He stepped forward and took the packages, each wrapped in colorful paper and topped with bright green and silver bows. They stood out, along with Andromeda’s and Teddy’s presents in the sea of Gryffindor Red and Gold present in the room. Andromeda’s were like his, in silver and green. Teddy’s, though, were all wrapped in rainbow ribbon.
He unwrapped his gifts thoughtfully, curious and touched that they would think of him. He knew this had to be Mrs. Weasley who had accounted for him. But when he opened the first package, it was a book about Alchemy. Magical Admixtures: A History of the Craft by Burgess Crothenden.
Who would have known about his interest in alchemy? He had been reading a lot about Alchemy in the past year, but he hadn’t ever seen this book.
The second parcel was a book about Romanian Alchemists bound in what looked like dragon hide, and the third was an old journal. Inside was the name “N. Flamel” on the bookplate, and a date range. It was a diary. There were also wrapped chocolates, a set of fine writing quills and ink, some Honeydukes candies, a subscription certificate to Quidditch Queries Weekly and a box from Weasley’s Wizard Wheezes, a place he hadn’t dared to enter in all his time at The Leaky Cauldron.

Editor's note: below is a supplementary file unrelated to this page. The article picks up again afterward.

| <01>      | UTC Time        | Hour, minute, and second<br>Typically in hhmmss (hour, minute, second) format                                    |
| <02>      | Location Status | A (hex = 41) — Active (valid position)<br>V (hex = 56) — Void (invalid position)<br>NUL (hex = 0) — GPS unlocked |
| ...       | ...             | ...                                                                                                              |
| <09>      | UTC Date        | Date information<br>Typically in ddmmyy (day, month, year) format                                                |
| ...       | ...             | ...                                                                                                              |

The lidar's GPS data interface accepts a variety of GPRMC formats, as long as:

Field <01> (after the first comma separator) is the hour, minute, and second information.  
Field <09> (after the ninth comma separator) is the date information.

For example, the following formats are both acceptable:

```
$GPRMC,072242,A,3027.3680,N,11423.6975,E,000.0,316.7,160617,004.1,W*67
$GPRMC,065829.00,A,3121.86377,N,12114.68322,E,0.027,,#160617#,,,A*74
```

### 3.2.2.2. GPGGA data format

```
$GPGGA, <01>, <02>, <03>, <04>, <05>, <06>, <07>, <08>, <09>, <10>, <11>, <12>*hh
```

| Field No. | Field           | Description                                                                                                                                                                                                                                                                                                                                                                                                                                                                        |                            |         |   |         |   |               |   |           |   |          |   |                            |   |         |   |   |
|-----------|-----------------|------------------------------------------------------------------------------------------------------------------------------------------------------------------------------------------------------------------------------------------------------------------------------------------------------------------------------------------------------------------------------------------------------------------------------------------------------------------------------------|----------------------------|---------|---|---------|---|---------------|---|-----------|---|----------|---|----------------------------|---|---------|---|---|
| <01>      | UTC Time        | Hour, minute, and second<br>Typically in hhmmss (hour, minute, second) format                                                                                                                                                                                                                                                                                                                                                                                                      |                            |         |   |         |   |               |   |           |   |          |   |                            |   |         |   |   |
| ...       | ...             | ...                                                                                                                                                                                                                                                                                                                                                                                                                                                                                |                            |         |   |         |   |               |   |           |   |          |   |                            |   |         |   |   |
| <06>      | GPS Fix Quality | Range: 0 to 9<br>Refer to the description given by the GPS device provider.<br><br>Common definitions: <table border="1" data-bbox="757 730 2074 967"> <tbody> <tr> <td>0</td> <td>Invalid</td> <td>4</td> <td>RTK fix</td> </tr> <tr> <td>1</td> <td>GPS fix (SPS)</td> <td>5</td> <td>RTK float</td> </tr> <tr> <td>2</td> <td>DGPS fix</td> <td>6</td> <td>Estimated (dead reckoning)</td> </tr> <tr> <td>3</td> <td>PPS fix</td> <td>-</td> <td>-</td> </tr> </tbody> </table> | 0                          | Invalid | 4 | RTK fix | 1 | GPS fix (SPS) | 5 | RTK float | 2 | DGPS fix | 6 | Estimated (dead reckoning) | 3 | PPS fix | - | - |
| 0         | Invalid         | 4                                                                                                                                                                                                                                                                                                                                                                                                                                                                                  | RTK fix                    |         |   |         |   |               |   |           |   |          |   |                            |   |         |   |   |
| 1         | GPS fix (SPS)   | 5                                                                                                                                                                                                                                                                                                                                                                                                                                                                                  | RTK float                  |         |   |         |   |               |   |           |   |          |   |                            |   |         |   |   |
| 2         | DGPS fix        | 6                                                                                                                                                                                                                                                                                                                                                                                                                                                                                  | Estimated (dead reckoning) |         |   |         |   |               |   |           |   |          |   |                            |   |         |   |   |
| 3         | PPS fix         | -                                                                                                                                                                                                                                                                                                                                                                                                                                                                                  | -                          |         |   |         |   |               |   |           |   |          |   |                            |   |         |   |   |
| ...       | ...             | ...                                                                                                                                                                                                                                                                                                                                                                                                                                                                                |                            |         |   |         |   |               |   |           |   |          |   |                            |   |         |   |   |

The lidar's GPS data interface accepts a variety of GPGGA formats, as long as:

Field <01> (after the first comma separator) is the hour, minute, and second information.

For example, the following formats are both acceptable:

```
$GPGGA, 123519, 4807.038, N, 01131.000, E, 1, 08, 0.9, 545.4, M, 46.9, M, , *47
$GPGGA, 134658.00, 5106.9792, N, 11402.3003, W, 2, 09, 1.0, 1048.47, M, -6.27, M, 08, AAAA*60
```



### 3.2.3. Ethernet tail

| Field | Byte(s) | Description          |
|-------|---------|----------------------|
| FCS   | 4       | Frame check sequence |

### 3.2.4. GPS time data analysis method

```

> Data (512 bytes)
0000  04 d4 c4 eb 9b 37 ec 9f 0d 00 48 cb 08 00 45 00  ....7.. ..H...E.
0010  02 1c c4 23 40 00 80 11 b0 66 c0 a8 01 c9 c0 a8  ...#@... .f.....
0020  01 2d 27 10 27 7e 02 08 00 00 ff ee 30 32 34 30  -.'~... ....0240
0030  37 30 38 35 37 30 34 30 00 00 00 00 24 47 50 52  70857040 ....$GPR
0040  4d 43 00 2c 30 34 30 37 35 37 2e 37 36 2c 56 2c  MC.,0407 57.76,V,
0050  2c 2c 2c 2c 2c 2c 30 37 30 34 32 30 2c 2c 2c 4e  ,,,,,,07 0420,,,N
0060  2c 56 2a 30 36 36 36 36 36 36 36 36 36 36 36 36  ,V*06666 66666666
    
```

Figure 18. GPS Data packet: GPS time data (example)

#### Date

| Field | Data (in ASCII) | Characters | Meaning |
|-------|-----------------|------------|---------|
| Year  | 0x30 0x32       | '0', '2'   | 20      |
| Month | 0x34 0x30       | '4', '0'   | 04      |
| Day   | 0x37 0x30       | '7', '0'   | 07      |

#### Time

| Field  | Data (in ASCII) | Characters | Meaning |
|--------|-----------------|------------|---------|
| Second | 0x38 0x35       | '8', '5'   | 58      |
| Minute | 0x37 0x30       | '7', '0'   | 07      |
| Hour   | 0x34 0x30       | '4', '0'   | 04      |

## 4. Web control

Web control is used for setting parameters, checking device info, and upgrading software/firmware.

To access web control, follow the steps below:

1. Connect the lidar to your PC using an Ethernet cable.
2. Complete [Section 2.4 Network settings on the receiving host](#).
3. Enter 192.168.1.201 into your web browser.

Draco was genuinely touched. Not only did they take the time to get gifts for him, they were… thoughtful. They weren’t just things. They were real presents.
These mad people were spending money on him that they didn’t have in an effort to include him, because they… didn’t hate him. They wanted him to feel welcome.
“They’re a contradiction, aren’t they?” Andromeda said, sliding up beside him.
He looked away from his… his treasures…and at her. “What do you mean?”
“They don’t have money, like we did. They don’t have a huge house or fine, expensive clothes. But they have all the love in the world to give. And they invite us into their home. Like you, I was taught that the Weasleys were all blood traitors. But the fact is, they are some of the kindest people I have ever met.”
She took a sip of her cider as she turned away from him, and headed back toward Teddy, who was playing with a small broomstick that hovered about a foot off the floor. Harry was helping him stay on it. Draco remembered his rucksack of presents with a start and turned toward the table to get them, so he could give them out.